By the time we catch up with Ahsoka Tano in the New Republic era, which is set five years after Return of the Jedi, the Jedi Order is no more, and the few Jedi left are scattered throughout the galaxy. As shown in Revenge of the Sith, Order 66 systematically wiped out most of the Jedi at the end of the Clone Wars, and the few who survived were forced into hiding, turned into Imperial Inquisitors, became mercenaries, or joined the Rebellion. But while this event did greatly impact Ahsoka Tano’s life and her path forward as a Force-wielder, it wasn’t the catalyst that drove her away from the Jedi Order and her Master Anakin Skywalker.
The last four episodes of Star Wars: The Clone Wars fifth season follow an investigation into a bombing of the Jedi Temple on Coruscant. The investigation is led by Ahsoka and Anakin. The two were off-world at the time of the attack, and therefore the least likely to be involved, at least according to Yoda. However, as the investigation goes on, enough circumstantial evidence surfaces for Ahsoka to be framed for the crime.
Ahsoka goes into hiding, trying to find enough evidence to clear her name, but when she is eventually captured, Republic Admiral Tarkin (yes, that Tarkin) insists that she be tried as a civilian in military court instead of tried by the Jedi. The Jedi Council complies, stripping Ahsoka of her Padawan status and kicking her out of the Order without much hesitation. There are some, like Anakin, Obi-Wan Kenobi, Plo Koon, Ki-Adi-Mundi, and Saesee Tiin, who remain on Ahsoka’s side through the whole ordeal, but most of the Order effectively abandons her.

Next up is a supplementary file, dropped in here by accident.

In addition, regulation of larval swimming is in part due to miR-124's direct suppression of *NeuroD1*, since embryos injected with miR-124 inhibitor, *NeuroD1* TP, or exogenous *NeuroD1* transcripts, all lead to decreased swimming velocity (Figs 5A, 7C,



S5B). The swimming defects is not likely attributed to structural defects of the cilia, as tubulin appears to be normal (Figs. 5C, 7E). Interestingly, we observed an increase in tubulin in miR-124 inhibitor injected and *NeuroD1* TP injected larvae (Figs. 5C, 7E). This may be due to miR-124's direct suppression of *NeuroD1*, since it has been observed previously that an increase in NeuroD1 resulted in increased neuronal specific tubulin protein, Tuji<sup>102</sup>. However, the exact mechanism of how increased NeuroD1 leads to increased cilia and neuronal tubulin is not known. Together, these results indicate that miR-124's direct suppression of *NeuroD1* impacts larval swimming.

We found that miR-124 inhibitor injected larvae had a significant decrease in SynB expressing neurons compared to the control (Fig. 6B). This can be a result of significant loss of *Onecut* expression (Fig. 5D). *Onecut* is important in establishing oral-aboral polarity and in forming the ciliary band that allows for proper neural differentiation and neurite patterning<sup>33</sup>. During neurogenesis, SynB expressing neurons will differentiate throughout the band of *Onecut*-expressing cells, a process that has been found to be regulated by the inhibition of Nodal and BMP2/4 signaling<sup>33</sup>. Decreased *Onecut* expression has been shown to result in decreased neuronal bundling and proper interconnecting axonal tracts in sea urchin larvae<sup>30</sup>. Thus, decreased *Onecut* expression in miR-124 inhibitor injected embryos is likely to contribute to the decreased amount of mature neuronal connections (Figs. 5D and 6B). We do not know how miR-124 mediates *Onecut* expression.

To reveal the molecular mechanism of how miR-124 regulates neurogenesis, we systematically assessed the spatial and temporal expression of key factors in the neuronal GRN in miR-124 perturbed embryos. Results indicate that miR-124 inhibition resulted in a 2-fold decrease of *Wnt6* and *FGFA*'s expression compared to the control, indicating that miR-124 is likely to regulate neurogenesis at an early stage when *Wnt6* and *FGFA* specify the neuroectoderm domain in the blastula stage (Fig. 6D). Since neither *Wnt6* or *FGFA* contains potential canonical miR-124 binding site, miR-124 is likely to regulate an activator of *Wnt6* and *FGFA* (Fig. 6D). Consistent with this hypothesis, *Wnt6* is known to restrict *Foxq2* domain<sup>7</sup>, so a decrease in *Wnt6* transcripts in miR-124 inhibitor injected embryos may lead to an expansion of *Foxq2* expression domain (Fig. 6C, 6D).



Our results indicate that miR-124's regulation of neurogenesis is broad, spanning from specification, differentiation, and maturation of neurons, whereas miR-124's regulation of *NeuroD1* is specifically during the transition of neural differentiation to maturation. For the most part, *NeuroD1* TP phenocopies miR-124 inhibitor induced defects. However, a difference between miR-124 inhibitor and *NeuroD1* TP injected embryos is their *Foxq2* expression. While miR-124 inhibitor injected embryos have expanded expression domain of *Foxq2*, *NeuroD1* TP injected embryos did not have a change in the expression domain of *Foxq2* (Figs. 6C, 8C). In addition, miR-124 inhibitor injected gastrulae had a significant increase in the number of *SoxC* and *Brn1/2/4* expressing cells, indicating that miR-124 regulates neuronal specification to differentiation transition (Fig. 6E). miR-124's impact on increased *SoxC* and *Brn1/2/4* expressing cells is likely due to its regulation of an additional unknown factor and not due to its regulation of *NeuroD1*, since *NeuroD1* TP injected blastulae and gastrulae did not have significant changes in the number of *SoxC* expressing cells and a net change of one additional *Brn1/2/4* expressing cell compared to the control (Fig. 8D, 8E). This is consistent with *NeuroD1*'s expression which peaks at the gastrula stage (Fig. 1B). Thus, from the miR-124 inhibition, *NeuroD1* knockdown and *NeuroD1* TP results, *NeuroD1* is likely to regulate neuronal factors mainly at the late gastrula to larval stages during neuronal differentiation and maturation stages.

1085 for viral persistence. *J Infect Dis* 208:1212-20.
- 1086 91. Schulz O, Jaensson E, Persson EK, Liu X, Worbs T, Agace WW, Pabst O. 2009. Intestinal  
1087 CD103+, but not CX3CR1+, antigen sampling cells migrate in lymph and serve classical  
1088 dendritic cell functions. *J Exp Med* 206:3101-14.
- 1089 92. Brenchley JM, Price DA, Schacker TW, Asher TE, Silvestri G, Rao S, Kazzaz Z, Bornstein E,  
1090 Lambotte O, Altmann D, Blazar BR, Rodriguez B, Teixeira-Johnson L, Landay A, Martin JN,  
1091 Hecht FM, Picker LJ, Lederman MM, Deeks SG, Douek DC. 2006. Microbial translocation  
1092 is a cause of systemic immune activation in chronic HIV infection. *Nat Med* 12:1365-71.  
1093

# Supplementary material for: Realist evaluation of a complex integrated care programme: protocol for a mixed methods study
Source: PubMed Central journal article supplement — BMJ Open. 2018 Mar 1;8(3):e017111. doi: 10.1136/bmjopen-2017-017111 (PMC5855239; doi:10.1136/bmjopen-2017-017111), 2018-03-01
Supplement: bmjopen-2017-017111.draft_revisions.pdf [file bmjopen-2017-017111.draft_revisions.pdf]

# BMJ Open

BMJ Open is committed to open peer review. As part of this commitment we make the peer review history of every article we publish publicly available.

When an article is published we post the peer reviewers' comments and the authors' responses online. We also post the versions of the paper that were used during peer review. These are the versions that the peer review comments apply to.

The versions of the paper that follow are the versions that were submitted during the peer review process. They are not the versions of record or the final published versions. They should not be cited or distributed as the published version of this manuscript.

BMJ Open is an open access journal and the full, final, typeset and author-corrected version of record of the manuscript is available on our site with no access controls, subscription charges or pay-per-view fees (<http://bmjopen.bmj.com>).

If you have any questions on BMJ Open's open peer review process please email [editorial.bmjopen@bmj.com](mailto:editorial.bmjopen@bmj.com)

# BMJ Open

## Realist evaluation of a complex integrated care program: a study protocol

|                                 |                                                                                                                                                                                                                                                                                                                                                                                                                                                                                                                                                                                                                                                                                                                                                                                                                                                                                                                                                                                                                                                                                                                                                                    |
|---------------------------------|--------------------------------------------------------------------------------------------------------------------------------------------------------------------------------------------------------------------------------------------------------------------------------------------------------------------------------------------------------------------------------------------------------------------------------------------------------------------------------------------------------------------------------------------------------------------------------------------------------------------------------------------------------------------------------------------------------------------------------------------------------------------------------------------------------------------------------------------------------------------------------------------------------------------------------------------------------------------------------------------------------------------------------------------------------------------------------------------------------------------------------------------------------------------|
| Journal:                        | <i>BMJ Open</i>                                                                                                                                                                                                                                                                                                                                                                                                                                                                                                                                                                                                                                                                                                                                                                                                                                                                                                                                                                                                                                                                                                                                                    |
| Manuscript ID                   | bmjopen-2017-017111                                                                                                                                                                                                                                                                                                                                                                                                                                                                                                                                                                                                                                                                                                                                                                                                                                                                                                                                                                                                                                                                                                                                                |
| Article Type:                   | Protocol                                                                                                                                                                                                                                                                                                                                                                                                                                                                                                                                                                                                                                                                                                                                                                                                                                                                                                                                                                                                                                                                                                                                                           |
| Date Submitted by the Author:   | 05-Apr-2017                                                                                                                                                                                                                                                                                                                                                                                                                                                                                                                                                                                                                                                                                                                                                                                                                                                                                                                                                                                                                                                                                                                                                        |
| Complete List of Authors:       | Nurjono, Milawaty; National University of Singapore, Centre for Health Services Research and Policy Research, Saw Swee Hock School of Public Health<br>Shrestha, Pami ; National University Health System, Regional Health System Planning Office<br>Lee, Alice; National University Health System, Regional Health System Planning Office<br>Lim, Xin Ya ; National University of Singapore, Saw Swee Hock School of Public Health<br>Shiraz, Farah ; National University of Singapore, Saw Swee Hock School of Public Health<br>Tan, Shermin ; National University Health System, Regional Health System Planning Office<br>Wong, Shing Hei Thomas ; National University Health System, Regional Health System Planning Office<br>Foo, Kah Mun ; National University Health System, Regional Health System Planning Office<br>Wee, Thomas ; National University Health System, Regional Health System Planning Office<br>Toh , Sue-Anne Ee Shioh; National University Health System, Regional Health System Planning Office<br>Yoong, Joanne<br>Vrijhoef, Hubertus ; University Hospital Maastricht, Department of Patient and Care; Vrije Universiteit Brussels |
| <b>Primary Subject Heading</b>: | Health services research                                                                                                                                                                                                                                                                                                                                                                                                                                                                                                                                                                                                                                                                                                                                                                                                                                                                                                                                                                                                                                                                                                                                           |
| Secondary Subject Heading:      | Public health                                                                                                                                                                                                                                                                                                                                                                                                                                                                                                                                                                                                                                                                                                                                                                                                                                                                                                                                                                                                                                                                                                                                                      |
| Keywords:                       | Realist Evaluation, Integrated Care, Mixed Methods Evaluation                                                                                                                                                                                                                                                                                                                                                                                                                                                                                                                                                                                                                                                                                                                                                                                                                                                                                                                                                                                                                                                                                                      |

Ahsoka’s name is finally cleared by Anakin, who discovers that the Padawan Barriss Offee is responsible for the bombing. Even though Ahsoka considered her to be a close friend, Barriss had become disillusioned with the Jedi and believed that they had become more warmongers than peacekeepers. Ahsoka is freed, but the damage has already been done.
The Jedi Council apologizes and asks Ahsoka to return to the Order. They see these events as a “great trial” that will only make her a stronger Jedi, but Ahsoka doesn’t see things that way. Even after Anakin pleads with her to return, she declines, deciding to forge her own path forward within the Force.
Who could blame her? Ahsoka watched as the people she trusted with her life since childhood turned on her. The fact that they believed she was capable of something so horrendous and weren’t willing to fight harder on her behalf made her question everything she had been taught by the Jedi. She was nearly convicted of a crime she didn’t commit, and all they had to offer her in the aftermath was an apology and “what a great life-lesson this was” platitudes.
Ahsoka does return in the seventh season of The Clone Wars to help liberate Mandalore from the clutches of Darth Maul, a battle that takes place at the same time as Revenge of the Sith, Order 66, and the fall of Anakin Skywalker to the dark side. Years later, when Ahsoka learns of her master’s transformation into Darth Vader on Rebels, she partially blames herself for Anakin’s turn to the dark side and holds some regret for leaving him and the Order behind. However, this decision gave her the opportunity to build her own connection to the Force outside of Jedi or Sith teachings and become the strong warrior we see in Ahsoka. Her moral compass is still as strong as ever, and her dedication to helping Grogu and Luke rebuild the Order in The Book of Boba Fett and her willingness to take on Sabine as an apprentice proves that she’s willing to help the Jedi move forward, but in her own way.
Star Wars: Ahsoka is streaming now on Disney+.